Old Radiators, New Heating System

THE DEXTER HOUSE When we bought the Dexter House, it had a series of baseboard and wall-mounted heaters in varying states of decay.  We knew we were going to replace them with something more efficient and functional, but we didn't know what.  After a lot of internet research and debate, we decided to create a hydronic radiant heating system on the main floor.

You may or may not know (or care) that hydronic radiant heat works efficiently and comfortably by sending hot water to radiators through a series of pipes hidden in the walls and floors.  These days some hydronic systems forego the old time radiators and use creative heat distribution methods like floor tubing, but we plan to stick to radiators for this job.  Traditionally the hot water is heated using a boiler, but we plan to use a hot water heater to save money and space.  We'll keep the domestic water (the water that goes to the faucets and plumbing fixtures) separate from the water used in the hydronic radiant heat system, by installing a heat exchanger.  The hydronic system will thus be 'closed loop' meaning that the domestic water and heat water will never touch.  We did a similar system (albeit a heated concrete floor instead of radiators) in the basement of our Wallingford house for about $1000 and couldn't have been happier with it!

The Grit and Polish - Wallingford heated floors

Yup that's me circa 2009 working on the hydronic radiant heat system in the Wallingford house ;)

Back at the Dexter House, the next step was to determine the heat output method.  We had originally found these vintage-inspired new radiators and planned to use them, but after finding a listing for antique radiators on Craigslist (as I showed you last week) we switched our approach.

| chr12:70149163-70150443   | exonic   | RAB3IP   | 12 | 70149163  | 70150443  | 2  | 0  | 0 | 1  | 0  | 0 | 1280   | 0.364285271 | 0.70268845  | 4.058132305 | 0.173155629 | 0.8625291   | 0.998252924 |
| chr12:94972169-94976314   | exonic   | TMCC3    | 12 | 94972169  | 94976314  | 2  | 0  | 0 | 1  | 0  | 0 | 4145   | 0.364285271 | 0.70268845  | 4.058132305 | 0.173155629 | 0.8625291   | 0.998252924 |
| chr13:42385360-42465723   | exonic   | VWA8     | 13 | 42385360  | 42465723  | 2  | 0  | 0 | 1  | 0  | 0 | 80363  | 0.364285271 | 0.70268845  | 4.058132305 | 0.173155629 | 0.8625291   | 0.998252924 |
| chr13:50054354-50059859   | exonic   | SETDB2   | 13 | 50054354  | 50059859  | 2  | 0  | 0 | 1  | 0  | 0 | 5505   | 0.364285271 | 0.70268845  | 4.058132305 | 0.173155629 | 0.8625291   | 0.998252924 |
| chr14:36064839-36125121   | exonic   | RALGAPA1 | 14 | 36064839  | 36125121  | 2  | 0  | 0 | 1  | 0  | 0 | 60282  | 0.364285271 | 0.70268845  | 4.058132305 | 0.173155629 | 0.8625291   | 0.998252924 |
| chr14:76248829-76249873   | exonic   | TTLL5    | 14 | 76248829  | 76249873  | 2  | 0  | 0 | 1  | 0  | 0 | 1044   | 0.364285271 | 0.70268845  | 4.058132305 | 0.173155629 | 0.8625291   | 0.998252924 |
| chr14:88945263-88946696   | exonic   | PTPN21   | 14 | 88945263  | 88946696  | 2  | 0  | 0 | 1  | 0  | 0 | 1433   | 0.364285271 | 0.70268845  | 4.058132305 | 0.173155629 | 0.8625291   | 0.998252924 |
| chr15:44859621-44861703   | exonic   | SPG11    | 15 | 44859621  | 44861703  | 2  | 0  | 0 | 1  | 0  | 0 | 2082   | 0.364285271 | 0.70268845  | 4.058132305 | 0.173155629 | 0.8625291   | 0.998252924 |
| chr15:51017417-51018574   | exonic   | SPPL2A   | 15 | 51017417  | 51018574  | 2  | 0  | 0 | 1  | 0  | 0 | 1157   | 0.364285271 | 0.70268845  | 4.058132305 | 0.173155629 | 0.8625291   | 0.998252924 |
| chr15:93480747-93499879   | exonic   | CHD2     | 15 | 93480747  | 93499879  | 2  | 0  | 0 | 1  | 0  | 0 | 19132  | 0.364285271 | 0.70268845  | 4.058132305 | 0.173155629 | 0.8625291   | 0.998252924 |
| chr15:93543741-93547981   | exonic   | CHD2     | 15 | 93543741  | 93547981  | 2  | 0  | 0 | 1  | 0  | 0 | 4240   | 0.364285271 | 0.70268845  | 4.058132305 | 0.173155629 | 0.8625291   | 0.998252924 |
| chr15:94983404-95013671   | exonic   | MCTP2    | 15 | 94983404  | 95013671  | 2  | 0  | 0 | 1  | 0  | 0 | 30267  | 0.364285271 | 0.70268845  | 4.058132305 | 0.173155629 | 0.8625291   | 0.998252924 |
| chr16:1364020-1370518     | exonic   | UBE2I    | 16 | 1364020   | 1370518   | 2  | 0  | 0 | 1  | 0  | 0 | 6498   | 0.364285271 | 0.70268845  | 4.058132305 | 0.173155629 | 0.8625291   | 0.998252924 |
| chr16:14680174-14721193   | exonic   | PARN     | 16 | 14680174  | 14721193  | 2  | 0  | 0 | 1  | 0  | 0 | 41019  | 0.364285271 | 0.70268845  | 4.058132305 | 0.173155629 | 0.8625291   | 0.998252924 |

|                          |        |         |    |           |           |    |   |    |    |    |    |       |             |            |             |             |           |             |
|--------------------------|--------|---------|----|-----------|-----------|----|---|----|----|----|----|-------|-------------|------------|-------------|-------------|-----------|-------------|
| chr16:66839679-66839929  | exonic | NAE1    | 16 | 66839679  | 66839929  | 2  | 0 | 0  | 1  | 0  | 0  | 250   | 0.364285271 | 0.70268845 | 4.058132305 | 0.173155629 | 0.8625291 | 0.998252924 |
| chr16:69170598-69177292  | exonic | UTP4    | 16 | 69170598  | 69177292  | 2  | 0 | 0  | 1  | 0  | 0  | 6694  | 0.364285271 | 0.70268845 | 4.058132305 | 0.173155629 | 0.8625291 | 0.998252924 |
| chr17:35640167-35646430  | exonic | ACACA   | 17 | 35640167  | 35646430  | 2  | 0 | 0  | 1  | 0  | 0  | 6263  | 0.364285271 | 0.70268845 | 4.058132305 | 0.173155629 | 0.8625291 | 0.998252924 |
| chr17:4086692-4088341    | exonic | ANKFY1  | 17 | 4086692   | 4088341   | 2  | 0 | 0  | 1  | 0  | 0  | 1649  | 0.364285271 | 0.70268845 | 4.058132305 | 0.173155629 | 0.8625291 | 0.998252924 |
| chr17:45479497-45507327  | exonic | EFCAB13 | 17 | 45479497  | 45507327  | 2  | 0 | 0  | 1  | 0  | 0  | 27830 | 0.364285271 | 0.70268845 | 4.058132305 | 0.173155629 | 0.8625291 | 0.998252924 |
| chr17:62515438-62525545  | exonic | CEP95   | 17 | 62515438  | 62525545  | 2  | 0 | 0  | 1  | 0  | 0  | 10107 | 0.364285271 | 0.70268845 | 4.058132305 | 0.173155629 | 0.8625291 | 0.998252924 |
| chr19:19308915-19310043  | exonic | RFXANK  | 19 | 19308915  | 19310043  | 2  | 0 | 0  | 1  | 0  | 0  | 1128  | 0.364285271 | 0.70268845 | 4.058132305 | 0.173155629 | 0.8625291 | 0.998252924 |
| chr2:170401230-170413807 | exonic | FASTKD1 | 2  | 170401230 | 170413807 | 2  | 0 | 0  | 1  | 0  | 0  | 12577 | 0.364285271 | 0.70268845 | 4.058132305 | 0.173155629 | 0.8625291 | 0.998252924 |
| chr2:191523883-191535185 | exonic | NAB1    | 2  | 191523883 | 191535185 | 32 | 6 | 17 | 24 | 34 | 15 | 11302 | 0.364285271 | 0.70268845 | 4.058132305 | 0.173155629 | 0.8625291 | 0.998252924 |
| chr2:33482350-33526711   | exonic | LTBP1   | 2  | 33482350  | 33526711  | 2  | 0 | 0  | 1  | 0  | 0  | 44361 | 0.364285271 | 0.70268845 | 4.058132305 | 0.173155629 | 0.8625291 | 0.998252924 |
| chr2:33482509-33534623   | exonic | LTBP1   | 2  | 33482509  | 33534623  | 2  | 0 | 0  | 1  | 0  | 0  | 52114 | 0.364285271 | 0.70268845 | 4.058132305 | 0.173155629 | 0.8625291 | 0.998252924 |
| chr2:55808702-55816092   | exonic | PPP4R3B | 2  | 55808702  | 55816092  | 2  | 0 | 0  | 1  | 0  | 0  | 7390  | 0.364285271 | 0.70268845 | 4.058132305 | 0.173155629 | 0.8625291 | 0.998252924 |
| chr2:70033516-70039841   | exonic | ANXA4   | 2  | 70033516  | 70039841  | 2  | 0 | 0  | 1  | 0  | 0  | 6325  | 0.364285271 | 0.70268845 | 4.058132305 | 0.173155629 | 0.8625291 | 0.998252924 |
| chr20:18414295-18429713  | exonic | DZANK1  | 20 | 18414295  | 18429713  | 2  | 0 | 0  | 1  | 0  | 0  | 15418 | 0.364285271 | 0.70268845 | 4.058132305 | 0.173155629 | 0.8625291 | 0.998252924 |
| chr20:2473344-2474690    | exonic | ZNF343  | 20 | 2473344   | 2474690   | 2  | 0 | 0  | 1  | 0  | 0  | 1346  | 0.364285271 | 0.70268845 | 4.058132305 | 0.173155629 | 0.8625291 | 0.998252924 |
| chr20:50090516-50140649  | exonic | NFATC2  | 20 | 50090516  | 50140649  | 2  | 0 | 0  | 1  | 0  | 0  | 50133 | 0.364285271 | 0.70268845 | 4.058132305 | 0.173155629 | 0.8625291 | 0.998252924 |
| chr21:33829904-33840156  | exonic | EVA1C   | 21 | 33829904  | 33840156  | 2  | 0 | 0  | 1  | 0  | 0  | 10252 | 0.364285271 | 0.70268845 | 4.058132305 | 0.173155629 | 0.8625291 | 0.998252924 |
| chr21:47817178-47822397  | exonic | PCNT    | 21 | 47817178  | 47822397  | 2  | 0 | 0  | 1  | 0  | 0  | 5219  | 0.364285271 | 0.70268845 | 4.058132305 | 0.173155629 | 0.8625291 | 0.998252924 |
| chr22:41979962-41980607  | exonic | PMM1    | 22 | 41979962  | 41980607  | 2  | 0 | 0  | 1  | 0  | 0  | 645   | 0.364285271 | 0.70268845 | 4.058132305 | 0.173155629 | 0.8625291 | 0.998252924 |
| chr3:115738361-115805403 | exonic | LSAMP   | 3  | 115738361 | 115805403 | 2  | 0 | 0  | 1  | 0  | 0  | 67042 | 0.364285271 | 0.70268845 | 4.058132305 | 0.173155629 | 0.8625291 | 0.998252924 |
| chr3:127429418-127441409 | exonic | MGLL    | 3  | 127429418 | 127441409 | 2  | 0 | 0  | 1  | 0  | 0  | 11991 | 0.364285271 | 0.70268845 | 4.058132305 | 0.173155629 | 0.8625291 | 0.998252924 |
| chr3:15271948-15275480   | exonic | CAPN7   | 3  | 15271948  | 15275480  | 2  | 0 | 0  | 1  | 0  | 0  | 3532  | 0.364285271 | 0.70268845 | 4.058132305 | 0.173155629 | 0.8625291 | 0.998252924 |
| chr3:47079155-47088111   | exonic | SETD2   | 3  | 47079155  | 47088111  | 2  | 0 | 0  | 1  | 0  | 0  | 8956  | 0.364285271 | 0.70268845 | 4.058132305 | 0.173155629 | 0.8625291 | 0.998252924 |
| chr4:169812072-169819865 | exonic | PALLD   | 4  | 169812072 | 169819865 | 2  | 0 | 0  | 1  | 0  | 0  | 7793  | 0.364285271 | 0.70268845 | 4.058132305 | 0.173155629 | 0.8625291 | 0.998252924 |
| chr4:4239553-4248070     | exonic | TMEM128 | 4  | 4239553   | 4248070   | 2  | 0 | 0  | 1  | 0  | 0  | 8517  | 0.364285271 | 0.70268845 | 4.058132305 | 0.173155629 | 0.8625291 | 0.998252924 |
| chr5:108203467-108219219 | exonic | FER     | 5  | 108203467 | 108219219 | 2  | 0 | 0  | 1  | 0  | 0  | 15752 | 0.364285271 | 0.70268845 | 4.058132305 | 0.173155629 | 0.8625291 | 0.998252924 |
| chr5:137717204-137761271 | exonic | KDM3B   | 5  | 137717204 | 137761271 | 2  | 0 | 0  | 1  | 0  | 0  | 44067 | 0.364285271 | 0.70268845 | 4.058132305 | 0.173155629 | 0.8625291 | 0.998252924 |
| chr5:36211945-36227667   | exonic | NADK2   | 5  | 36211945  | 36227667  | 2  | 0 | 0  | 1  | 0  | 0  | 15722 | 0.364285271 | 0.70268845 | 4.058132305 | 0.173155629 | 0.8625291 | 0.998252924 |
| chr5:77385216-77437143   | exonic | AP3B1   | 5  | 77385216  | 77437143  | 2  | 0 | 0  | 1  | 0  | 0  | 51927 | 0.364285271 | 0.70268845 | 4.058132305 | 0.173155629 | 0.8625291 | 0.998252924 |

CL American Radiator Co. Cast Iron Radiators 6-10-15 copy

Lovely, aren't they?!  We bought these from the homeowners of an old craftsman in Seattle, who are prepping for a massive remodel.  The entire set cost us $750.  I checked pricing with a local salvage shop and they sell these ornate-style radiators for $18/fin, which would have totaled $864 for this batch, so we got a good price.  Plus it turns out I actually used to work with the Craigslist seller too...always fun to see what a small world it is!

Once the radiators were in our car, we took them straight to a local sandblaster to remove the 100+ years of peeling paint and grime and prep them for a new finish, which cost us $350.  Did I mention that these radiators are heavy?! It took 5 guys to get the largest radiator out of our car and onto the loading dock.

photo 4photo 2

Here's what the radiators looked like after the sandblast.

The Grit and Polish - Dexter Radiators post sandblastThe Grit and Polish - Radiator detail after sandblast

Beautiful, aren't they?!  The sandblasting roughed up the cast iron a bit so the dull-grey metal is the texture of fine-grit sandpaper.  I read online that you have to finish bare cast iron quickly or it rusts (even from just the moisture in the air) so the next step was to decide on a finish...quick.

It had been our plan all along to finish the radiators with some sort of oil to maintain a natural-looking cast iron finish.  But what oil?  When I looked online for some examples or tutorials, I had a really hard time finding anyone who had attempted something similar.  Turns out most people just paint their radiators.